In its annual survey of more than 2,810 CIOs worldwide, representing more than US$397 billion in CIO IT budgets in 84 countries, Gartner asked how CIOs should adapt their leadership to ensure their enterprises survive and thrive in an increasingly digital world. The survey included responses from 161 CIOs in Australia and New Zealand, representing more than $8 billion in IT spending.
Gartner vice president and executive partner Graham Waller says many technology leaders face three persistent issues that impede digital opportunities.
“In order to grasp digital opportunities, CIOs need to flip from legacy first to digital first in terms of technology leadership, from what’s visible to what’s truly valuable in value leadership, and from control first to vision first in people leadership,” says Waller. “In short, to thrive in this digital era, CIOs must flip to digital leadership.”
“The digital world has moved from the shadows to centre stage. Digital is a game changer, creating winners and losers in all industries and geographies, including Australia and New Zealand,” says Waller, who presented the results of the 2015 CIO survey at the Gartner Symposium/ITxpo at the Gold Coast in Australia.
A traditional, risk-averse, control oriented corporate and IT culture will devour even the most well informed digital business strategy like a small snack.
“Seizing digital opportunities requires agility, adaptability and speed,” says Waller.“However, existing business processes, business models, information, technology and talent suffer from legacy inertia and complexity.
“CIOs need to simplify business processes, models and ecosystems. They need to flip from legacy first to digital first, and from passive reporting to an active search for insight.”
The survey finds 93 per cent of Australian and New Zealand CIOs agree that in addition to the considerable opportunities it brings, the digital world is creating new, different and higher levels of risk, and 66 per cent say that the discipline of risk management is not keeping up.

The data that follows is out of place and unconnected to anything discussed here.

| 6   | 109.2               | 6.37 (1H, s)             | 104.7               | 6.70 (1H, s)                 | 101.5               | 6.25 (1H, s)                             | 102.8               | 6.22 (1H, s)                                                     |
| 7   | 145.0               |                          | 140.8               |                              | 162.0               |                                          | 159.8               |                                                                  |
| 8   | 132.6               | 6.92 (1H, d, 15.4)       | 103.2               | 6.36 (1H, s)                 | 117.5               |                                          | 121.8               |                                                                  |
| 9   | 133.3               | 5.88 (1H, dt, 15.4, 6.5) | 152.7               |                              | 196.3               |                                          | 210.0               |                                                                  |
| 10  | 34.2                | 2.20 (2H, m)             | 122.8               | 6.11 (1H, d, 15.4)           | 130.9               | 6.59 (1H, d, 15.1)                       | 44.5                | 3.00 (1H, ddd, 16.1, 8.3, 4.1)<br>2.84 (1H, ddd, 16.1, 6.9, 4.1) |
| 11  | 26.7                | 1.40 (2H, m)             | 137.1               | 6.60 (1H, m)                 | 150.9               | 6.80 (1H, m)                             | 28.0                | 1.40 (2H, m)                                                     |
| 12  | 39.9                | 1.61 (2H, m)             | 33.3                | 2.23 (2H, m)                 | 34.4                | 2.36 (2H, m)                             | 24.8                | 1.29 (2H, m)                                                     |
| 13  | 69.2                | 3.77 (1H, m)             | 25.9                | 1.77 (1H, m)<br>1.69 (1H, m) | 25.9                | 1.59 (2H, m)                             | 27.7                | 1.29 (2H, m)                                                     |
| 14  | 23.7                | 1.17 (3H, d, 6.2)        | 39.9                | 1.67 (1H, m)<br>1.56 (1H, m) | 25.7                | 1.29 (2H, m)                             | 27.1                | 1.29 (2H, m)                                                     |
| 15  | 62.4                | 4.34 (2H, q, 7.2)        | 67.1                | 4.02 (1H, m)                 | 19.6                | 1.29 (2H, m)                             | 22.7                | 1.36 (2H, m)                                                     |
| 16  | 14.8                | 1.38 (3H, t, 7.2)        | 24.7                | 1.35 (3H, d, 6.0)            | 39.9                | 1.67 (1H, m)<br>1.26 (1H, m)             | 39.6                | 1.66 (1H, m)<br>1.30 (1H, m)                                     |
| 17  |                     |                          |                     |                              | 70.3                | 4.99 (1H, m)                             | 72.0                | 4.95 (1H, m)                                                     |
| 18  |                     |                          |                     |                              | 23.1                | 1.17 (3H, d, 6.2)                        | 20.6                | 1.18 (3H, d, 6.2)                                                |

CIOs therefore need to review with the enterprise and IT risk leaders whether risk management is adapting fast enough to a digital world, says Waller.
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Waller notes, however, being a powerful digital leader and influencer takes time.
While the average CIO spends more time running the IT shop, high-performing CIOs are spending less, and making extra time to engage their board and senior leadership.
According to the 2015 CIO Agenda, having a deputy, a ‘COO of IT’ type of role reduces the time a CIO spends running IT by 5 per cent, or around a day a month. Yet only 42 per cent of Australian and New Zealand CIOs have a deputy or similar, compared to 47 per cent worldwide.
“Control first leadership does not suit the high-speed, innovative, uncertain nature of the digital world and can actually be an obstacle,” says Waller.
He believes that vision first, or inspirational leadership is one of the most powerful attributes of the digital leader. Digital leaders need to flip from aligning with corporate culture to building a digital culture.
“A traditional, risk-averse, control oriented corporate and IT culture will devour even the most well informed digital business strategy like a small snack,” says Waller.
To avoid this fate, he says CIOs need to lead a digital cultural revolution that helps the business understand and get excited about where digitalisation can take them.
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